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J Control Release. 2001 Jul 6;74(1-3):173-81.

VEGF-VEGF receptor complexes as markers of tumor vascular endothelium.

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The Hope Heart Institute, Department of Vascular Biology, 1124 Columbia St., Seattle, WA 98104-2046, USA.


Vascular endothelial growth factor (VEGF) is a primary stimulant of the vascularization of solid tumors and has therefore been the focus of intense research aimed at blocking its activity in solid tumors. VEGF production by tumor cells is induced by oncogenic gene mutations and hypoxic conditions inside the tumor mass. VEGF receptor expression on endothelial cells lining blood vessels in the tumor is also induced by hypoxia and the increased local concentration of VEGF. Therefore in the tumor microenvironment there is an upregulation of both VEGF and its receptor leading to a high concentration of occupied receptor on tumor vascular endothelium. The VEGF-VEGF receptor complex (VEGF-VEGFR) presents an attractive target for the specific delivery of drugs or other effectors to tumor endothelium. Herein we review the development of monoclonal antibodies that selectively bind to the VEGF-VEGFR and their use as targeting agents that selectively bind to VEGF activated blood vessels. Additionally, we summarize the properties of 2C3, a novel monoclonal anti-VEGF antibody that blocks VEGF from binding to VEGFR2 but not VEGFR1. 2C3 may be utilized as both an anti-angiogenic agent by inhibiting VEGFR2 activity and potentially as a vascular targeting agent by binding to blood vessels that express the VEGF-VEGFR1 complex.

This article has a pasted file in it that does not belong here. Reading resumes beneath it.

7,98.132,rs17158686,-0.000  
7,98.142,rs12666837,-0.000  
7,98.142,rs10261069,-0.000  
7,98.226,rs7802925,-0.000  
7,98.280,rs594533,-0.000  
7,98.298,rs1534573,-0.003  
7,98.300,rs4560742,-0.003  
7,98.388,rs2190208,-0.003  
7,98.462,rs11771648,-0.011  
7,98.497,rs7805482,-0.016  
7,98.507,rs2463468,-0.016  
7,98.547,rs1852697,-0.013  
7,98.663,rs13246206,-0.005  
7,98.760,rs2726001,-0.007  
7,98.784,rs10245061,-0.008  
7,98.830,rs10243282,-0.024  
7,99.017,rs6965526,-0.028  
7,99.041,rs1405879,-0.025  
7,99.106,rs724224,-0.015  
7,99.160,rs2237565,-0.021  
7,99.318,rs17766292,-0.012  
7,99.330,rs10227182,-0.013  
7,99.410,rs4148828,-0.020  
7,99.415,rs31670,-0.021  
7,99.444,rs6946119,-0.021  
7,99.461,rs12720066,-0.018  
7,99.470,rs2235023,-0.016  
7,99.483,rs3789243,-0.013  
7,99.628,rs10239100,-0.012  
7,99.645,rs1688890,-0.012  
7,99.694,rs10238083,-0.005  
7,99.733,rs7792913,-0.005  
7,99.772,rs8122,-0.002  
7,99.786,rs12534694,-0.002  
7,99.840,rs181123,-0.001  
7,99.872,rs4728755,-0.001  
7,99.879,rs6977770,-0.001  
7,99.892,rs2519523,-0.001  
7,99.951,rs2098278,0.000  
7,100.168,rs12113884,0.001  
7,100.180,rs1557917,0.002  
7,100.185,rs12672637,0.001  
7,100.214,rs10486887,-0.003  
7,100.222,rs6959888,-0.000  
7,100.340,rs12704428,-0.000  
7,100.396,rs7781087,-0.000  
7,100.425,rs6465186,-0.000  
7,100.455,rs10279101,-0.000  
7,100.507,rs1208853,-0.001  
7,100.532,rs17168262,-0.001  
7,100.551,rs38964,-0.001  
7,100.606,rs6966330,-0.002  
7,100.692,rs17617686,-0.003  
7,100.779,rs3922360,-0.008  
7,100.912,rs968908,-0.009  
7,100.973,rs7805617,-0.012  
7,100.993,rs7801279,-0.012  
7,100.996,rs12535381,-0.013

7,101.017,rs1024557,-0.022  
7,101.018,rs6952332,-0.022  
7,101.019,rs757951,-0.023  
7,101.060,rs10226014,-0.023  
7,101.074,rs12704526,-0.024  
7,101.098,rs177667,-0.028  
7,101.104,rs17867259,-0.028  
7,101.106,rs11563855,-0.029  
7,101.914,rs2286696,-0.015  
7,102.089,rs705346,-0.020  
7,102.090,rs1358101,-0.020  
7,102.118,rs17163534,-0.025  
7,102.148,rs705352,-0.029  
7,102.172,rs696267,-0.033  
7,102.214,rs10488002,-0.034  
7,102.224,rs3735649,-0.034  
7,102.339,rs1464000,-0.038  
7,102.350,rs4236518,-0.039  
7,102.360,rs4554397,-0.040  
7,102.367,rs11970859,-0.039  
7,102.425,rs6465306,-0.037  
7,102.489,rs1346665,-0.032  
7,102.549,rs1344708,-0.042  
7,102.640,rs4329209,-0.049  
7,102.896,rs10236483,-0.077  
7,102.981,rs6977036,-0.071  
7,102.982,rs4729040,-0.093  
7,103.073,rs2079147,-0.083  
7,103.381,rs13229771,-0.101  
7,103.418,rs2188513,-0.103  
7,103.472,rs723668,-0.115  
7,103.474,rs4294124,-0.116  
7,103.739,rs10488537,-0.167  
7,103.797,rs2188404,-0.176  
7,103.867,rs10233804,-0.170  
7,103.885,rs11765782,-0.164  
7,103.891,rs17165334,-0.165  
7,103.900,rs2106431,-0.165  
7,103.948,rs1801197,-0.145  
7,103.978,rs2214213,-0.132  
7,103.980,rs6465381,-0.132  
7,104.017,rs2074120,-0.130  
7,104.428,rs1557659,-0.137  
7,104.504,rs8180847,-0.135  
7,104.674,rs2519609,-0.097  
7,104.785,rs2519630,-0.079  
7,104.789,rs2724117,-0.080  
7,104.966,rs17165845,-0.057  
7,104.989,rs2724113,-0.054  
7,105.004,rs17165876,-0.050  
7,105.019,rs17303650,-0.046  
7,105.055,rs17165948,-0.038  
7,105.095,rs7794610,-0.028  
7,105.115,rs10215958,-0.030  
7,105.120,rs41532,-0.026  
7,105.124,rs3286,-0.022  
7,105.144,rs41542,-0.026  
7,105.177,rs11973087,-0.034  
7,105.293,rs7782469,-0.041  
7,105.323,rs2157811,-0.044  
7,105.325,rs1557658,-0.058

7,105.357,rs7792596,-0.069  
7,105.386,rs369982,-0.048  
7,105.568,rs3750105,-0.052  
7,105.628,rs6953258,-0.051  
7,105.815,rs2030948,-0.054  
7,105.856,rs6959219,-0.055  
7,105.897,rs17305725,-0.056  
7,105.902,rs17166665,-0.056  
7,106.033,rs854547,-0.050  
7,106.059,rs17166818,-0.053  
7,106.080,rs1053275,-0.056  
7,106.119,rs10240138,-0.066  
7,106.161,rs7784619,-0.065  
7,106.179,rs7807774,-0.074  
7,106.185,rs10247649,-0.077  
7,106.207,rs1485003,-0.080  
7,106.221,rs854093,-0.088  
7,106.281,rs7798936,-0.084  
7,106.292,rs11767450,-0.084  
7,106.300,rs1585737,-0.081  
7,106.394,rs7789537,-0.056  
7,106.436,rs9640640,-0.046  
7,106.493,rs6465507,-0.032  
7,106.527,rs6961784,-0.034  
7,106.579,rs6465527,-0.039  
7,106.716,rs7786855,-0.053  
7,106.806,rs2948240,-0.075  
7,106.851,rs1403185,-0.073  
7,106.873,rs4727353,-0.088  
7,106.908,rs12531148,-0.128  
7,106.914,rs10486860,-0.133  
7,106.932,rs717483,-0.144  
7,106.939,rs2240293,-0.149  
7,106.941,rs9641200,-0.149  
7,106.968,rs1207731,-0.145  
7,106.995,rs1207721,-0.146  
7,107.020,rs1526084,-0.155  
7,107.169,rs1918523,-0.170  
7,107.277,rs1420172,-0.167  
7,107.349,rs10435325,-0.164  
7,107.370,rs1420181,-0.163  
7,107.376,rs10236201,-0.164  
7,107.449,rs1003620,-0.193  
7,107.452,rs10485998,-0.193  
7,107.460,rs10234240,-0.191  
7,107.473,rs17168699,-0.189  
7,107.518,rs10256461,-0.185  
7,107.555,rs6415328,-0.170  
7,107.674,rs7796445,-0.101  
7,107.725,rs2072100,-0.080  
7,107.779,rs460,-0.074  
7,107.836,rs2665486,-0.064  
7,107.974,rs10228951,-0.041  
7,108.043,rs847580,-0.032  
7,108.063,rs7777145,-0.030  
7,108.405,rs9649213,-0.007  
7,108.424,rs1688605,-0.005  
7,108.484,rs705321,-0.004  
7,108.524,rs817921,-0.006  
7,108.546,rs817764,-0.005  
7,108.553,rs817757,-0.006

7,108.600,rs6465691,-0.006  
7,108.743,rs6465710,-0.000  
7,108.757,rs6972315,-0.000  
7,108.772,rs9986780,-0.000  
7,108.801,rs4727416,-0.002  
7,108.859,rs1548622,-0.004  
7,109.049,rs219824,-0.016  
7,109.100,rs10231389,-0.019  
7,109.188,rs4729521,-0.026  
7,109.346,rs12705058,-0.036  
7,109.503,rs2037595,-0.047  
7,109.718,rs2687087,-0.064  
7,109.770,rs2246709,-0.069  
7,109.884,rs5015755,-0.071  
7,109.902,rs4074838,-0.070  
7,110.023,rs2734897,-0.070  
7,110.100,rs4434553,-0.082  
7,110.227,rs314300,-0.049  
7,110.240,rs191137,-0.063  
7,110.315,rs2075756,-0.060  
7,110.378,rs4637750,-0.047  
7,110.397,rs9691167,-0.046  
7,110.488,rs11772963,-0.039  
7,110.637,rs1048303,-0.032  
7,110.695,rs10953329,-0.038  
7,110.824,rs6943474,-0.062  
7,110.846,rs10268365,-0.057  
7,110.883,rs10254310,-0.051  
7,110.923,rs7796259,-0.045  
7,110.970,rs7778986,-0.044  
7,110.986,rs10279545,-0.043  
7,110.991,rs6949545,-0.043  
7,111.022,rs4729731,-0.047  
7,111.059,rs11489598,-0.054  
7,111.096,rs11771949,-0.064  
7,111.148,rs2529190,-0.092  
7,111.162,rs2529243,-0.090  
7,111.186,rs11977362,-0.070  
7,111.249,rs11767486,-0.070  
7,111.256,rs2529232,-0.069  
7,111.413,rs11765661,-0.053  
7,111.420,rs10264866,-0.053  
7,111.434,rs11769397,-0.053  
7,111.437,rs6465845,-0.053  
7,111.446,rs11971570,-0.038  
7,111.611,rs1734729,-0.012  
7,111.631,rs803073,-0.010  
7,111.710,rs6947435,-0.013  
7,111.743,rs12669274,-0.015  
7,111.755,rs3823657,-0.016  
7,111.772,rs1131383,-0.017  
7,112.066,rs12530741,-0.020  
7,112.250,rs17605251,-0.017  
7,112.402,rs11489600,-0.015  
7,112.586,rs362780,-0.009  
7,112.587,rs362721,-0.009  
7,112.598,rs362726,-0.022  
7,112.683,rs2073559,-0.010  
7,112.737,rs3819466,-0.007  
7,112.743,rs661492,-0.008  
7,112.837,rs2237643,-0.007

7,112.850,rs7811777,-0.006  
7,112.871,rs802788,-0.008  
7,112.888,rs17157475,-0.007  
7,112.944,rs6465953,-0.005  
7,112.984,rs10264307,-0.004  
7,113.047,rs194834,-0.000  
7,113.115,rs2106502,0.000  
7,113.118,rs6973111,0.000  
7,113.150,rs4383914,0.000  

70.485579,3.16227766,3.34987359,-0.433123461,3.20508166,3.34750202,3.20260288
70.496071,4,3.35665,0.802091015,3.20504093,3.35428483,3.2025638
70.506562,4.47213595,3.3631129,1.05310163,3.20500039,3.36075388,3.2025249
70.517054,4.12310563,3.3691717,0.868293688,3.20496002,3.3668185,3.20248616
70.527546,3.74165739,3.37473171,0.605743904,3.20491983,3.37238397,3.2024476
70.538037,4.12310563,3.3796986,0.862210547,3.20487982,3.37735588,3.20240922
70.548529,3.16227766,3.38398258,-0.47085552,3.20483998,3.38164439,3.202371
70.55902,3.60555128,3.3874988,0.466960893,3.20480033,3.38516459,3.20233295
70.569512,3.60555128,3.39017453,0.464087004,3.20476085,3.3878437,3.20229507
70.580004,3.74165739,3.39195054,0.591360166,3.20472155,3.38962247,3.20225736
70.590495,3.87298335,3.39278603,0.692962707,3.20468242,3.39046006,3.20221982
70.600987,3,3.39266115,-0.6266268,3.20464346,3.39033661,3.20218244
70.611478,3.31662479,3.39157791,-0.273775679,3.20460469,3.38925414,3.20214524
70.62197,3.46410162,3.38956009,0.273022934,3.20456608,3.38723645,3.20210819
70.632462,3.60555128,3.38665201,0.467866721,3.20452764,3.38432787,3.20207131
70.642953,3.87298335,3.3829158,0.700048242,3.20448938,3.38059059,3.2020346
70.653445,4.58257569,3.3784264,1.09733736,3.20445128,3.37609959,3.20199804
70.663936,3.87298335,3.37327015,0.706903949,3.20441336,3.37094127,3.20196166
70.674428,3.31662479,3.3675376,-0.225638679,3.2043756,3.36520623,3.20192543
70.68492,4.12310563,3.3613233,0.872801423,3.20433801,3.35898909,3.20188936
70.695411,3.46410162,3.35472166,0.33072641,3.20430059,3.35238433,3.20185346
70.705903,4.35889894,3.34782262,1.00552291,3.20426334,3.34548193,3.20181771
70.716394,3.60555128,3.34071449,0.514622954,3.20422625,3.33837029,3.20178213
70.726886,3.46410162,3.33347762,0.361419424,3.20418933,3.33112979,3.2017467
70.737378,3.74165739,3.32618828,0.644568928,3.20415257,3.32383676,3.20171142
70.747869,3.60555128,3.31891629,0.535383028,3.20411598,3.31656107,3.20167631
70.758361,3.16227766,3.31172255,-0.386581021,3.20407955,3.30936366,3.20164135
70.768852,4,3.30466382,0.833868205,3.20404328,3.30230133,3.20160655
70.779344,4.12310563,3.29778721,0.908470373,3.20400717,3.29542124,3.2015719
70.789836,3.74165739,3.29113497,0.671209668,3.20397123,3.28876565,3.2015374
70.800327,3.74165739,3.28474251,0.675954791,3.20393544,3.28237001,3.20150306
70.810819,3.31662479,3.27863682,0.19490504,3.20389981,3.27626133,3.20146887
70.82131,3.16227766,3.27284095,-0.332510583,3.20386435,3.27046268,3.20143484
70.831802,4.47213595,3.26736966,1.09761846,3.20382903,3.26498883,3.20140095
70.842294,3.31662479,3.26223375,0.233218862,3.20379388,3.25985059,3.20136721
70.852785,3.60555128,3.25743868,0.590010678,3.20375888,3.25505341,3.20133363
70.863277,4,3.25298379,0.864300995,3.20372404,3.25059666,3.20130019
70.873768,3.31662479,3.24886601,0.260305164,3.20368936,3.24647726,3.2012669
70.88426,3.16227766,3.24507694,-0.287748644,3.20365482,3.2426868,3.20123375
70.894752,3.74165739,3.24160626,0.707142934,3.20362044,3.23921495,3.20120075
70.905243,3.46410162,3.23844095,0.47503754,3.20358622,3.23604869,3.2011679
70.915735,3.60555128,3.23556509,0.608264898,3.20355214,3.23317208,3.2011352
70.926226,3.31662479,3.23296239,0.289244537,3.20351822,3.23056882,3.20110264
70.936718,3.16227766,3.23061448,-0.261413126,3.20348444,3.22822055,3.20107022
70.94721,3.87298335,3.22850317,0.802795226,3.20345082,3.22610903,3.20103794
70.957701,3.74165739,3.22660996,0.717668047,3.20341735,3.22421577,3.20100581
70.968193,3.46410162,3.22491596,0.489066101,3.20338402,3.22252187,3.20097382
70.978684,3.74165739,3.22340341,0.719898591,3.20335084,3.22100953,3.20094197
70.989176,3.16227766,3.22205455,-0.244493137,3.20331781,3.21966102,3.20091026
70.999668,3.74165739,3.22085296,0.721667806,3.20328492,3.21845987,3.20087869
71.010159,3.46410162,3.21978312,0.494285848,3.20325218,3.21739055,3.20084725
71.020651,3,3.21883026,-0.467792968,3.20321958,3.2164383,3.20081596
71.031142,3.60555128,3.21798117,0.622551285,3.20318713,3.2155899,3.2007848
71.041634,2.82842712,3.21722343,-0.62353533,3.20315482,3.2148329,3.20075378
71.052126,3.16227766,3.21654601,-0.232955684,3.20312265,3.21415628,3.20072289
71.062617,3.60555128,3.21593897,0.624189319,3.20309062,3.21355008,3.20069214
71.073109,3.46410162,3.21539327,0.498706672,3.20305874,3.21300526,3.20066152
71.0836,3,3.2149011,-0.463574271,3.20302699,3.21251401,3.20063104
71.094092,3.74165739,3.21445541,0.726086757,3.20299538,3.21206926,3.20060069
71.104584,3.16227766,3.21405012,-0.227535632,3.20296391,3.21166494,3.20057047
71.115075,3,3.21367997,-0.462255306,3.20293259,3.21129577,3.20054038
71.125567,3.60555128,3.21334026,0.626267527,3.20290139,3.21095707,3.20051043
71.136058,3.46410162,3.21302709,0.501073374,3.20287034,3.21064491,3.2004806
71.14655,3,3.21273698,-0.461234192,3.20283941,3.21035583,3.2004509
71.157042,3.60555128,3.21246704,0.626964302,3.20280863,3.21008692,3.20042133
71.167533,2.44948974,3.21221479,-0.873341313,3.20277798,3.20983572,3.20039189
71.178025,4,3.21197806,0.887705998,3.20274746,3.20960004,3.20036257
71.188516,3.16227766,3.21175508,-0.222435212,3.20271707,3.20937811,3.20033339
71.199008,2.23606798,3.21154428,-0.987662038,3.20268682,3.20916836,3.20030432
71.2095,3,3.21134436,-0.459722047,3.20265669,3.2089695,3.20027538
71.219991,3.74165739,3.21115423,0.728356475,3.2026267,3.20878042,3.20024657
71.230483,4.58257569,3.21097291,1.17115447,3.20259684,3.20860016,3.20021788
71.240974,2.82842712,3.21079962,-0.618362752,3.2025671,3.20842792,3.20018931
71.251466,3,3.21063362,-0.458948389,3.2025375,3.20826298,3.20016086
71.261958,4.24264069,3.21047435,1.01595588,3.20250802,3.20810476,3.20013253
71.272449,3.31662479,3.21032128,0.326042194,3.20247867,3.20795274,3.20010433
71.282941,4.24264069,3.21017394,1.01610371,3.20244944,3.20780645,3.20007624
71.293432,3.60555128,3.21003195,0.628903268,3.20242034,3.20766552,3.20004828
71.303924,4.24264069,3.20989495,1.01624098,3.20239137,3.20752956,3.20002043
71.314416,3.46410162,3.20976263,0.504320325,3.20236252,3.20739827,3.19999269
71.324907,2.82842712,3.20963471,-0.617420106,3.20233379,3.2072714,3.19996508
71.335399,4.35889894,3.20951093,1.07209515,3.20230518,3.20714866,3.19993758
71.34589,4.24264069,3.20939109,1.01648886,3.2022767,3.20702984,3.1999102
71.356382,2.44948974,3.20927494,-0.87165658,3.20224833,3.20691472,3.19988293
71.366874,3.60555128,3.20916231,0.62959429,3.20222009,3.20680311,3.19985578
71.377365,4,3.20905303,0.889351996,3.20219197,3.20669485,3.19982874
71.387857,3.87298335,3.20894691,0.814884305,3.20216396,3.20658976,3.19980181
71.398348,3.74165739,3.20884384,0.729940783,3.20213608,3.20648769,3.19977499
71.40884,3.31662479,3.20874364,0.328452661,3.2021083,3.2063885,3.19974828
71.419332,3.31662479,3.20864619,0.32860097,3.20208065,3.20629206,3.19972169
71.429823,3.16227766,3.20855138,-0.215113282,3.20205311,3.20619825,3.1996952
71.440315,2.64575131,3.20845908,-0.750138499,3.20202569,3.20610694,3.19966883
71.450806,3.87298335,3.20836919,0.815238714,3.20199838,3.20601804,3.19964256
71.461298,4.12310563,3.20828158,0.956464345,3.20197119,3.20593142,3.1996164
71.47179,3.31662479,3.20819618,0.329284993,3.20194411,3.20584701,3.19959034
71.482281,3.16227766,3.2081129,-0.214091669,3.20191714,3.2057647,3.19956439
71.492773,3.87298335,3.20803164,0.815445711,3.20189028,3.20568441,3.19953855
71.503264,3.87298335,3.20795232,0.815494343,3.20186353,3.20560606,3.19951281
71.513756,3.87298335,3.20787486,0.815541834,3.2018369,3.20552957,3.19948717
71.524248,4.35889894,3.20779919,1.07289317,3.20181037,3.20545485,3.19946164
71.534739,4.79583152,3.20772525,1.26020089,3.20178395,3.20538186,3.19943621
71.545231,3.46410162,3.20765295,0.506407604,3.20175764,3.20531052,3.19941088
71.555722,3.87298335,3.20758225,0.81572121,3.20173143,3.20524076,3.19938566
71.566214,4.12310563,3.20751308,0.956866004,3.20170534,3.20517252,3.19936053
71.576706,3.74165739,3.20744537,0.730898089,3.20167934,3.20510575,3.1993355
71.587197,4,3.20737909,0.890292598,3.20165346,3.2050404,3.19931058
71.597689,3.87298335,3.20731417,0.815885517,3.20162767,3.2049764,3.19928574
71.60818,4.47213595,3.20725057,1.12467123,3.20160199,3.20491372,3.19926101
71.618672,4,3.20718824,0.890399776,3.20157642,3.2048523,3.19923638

[Indexed for MEDLINE]

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